When plans to bring a large cache of hashish into England via Germany go wrong with Plinson getting arrested, Marks steps in to help - figuring he has nothing left to lose anyway. Marks goes to Germany and drives the car with the stash inside across the borders himself, simply driving through customs. The customs officers are on the lookout for Plinson's crew, but do not know Marks, who sails through without incident. Marks says the thrill of getting away with it was like "religious flash and an asexual orgasm". When selling the hashish back in London to an Arab oil sheik named Saleem Malik (Omid Djalili), Marks makes a fortune, and swifty becomes addicted to this new but dangerous lifestyle as a big league marijuana trafficker - eventually running a large percentage of the world's cannabis.

It is a path that will lead Marks face-to-face with terrorists, government agents, and lose him his freedom to one of the toughest prisons in the United States in 1988, through to the present day as a media personality and cult hero.



After Howard Mark's 1997 autobiography Mr Nice became a best-seller (ranked #1 book regarding drugs on[2]), and Marks began to make a name for himself in a number of different media, a film adaptation of the book was petitioned. In development hell for over a decade, the production of the film was an eventual collaboration between a number of smaller studios, such as Independent Productions, Kanzaman Productions S.L, Séville Pictures, Prescience, Lipsync Productions LLP and the Wales Creative IP Fund.[3] Howard Marks was himself the main consultant for the film and Ifans. The DVD includes a commentary by Howard Marks, as well as a featurette with Rhys Ifans joining Marks on one of his stand-up shows and impersonating him to the delight of the crowd - with the both of them getting intoxicated to point of incoherence. Mr Nice was filmed throughout January 2004[4] in Benidorm, Spain.[5] The film features a 1960s pop-inspired soundtrack by Philip Glass, with original songs reflective of the era such as Deep Purple, Fraternity of Man and John Lennon.[6]

Differences to the autobiography

Whereas both the novel and film are claimed as fact by Marks himself, there are differences between the two. Certain portions of the novel are missing in the film, such as the amount of time Marks spent organising deals during the 1980s in places such as Hong Kong, Singapore and Bangkok; although they are alluded to in the film, just not shown in any great detail. Some of the more interesting aspects of the book are missing from the film entirely however, such as any mention of the dozens of aliases and disguises Marks had whilst on the run. Perhaps one of the most significant claims in Marks' novel was perhaps left out of the film for political reasons - Marks claimed to been befriended by Lord Moynihan, a British peer embroiled in vice scandal. Marks alleged Lord Moynihan betrayed Marks to the DEA in the United States in a plea bargain, although there is no mention of this in the film.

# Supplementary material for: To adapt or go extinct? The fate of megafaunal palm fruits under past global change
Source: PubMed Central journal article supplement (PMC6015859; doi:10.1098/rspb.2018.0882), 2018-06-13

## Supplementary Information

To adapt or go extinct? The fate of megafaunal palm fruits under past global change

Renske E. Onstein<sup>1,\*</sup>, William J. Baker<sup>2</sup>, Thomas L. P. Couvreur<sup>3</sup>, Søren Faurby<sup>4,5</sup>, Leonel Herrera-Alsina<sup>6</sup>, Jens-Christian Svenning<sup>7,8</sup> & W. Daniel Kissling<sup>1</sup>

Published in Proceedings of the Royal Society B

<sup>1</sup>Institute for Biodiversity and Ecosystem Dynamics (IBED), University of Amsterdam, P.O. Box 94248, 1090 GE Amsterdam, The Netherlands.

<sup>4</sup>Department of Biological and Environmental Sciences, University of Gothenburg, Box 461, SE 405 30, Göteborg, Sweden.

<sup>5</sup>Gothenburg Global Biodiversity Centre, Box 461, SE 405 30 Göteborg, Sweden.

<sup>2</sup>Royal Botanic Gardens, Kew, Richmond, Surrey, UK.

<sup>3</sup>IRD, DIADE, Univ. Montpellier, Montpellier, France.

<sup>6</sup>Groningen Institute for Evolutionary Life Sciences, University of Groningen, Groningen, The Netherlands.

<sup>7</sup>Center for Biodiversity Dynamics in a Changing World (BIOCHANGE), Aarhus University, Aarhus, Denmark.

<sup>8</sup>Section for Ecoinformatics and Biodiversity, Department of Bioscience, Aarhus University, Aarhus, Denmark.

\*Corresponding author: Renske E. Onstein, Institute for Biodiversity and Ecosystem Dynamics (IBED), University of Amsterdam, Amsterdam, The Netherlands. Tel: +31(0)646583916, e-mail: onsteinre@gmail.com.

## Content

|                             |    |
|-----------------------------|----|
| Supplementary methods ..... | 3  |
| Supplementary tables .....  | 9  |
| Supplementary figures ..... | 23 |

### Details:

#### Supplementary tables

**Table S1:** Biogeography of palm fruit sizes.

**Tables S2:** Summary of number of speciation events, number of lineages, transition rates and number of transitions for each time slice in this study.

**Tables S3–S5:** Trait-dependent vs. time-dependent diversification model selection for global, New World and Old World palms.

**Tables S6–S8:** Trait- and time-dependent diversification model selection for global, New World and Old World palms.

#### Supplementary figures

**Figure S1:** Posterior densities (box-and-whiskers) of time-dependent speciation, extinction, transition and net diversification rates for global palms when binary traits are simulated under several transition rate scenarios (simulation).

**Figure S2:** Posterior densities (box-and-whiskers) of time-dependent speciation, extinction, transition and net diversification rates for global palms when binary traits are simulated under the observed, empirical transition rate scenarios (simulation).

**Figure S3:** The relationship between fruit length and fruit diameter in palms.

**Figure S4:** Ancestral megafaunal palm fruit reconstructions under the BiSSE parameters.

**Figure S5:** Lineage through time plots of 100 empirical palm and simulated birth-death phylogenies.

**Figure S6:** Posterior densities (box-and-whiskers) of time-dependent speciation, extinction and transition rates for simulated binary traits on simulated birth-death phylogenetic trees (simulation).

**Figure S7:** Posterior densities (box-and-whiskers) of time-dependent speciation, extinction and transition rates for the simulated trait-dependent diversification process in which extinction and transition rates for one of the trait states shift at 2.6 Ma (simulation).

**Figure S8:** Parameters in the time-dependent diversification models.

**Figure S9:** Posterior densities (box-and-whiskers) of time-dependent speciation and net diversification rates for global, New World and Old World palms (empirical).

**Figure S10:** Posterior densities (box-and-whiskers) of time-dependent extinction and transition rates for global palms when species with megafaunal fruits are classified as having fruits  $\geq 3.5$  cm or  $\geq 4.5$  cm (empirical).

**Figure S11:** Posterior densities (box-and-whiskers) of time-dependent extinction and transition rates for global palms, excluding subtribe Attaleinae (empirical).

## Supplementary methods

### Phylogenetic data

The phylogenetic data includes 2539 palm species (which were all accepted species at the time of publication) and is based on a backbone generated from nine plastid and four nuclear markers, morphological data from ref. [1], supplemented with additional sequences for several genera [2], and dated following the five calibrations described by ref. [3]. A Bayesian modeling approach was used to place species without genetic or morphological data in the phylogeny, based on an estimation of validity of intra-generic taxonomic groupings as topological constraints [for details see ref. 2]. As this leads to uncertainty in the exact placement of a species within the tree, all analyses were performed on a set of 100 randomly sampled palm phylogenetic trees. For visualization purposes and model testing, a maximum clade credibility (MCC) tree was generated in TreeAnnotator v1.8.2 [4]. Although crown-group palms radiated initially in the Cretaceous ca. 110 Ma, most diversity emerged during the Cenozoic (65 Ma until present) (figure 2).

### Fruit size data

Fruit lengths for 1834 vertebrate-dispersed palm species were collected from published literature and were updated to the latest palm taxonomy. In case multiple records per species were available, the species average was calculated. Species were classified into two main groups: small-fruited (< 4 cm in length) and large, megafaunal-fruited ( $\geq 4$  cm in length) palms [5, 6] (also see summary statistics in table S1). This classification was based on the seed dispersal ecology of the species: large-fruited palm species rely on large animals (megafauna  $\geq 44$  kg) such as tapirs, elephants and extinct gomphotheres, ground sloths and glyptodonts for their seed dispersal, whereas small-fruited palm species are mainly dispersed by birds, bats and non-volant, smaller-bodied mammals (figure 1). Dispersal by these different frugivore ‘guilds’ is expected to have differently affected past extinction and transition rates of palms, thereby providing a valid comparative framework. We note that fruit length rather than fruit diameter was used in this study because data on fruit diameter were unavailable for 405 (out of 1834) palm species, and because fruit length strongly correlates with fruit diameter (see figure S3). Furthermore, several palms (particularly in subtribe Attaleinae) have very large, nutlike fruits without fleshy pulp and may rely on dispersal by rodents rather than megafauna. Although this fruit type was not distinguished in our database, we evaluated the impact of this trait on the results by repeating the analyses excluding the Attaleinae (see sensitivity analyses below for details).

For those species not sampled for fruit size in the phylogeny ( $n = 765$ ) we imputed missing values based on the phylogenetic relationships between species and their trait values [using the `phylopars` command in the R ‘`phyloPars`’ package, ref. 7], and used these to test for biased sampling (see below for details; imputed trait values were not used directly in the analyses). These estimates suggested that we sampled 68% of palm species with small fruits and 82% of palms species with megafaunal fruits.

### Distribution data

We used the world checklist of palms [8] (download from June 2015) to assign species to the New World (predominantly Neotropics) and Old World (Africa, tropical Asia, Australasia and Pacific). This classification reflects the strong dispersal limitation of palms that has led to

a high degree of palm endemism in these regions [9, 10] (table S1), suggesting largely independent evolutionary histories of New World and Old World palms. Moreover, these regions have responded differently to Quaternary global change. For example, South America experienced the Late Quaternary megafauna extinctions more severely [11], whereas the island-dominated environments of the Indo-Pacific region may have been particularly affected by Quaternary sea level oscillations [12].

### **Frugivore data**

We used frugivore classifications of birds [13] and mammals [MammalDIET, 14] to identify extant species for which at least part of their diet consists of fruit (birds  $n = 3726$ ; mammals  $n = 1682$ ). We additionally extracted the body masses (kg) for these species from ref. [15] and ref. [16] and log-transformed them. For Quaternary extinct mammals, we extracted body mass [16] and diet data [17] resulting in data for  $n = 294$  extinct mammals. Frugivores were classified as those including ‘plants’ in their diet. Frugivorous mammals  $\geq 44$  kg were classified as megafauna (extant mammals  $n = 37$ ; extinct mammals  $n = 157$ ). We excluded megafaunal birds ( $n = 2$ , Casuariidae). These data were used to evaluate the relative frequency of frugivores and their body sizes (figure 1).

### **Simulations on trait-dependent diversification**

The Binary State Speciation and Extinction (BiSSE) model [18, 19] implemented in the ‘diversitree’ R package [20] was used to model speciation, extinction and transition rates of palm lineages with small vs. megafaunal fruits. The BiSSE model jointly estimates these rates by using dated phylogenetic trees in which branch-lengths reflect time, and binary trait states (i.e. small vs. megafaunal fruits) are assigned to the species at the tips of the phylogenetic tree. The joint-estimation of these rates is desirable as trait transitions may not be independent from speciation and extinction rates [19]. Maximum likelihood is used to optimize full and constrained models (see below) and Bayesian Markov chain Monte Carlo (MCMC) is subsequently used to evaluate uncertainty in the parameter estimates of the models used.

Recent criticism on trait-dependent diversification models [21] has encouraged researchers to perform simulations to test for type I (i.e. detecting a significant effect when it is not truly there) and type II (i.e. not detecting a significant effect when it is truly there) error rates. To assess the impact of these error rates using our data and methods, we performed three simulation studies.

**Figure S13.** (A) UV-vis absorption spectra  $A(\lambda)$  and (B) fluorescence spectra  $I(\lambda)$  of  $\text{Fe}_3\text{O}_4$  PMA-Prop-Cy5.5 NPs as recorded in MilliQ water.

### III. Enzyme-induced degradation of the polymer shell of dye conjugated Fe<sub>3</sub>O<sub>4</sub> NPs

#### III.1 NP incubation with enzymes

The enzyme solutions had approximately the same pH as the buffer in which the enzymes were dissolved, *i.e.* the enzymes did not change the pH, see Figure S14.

Box office

Mr Nice made its worldwide premiere at the South by Southwest Film Festival in Texas, United States, in March 2010[7] and was first shown in the UK at the Edinburgh Film Festival in June 2010.[8] On 8 October 2010, it was released in the UK on 107 screens, taking in a first weekend gross of £528,534.[4] In June 2011, it was released in the United States.


Mr Nice won the Award for Best Cinematography at the 2010 Kodak Awards.[9]


Mr Nice polarized critics; the film currently has a rating of 55% on Rotten Tomatoes, with 24 out of 44 reviews being positive, and 20 being negative.[10]

Dan Jolin of the film magazine Empire gave Mr Nice three out of five stars, writing "A solid, often entertaining life-of-crimer which benefits from some stylistic touches and a faithful, convincing central performance."[11] Kevin Thomas of Los Angeles Times gave the film 3.5 out of 5, calling the Philip Glass soundtrack "pulsating" and writing "Though the film takes a while to cast its spell, writer-director-cinematographer Bernard Rose's close observation of Marks and those around him becomes increasingly involving and allows Rose to comment on the widespread failure of the War on Drugs."[12]

Time Out London gave the film four out of five stars, although it noted it was not without its flaws: "The film adaptation of Howard Marks' autobiography – a student staple throughout the land – struggles to capture the sheer breadth of Marks' life."[13] Benjamin Mercer of Village Voice also gave a polarized review, awarding the film 3.5 out of 5, yet also claiming the film gave him the impression it was glorifying cannabis use, or at the very least, being a vehicle for the advocation of legalizing cannabis - "Though told here with appealing drollness, Marks' story makes an odd vessel for the filmmakers' casually advanced legalization arguments, what with its mischief making on the grandest scale possible."[14]


External links

  • Internet Movie Database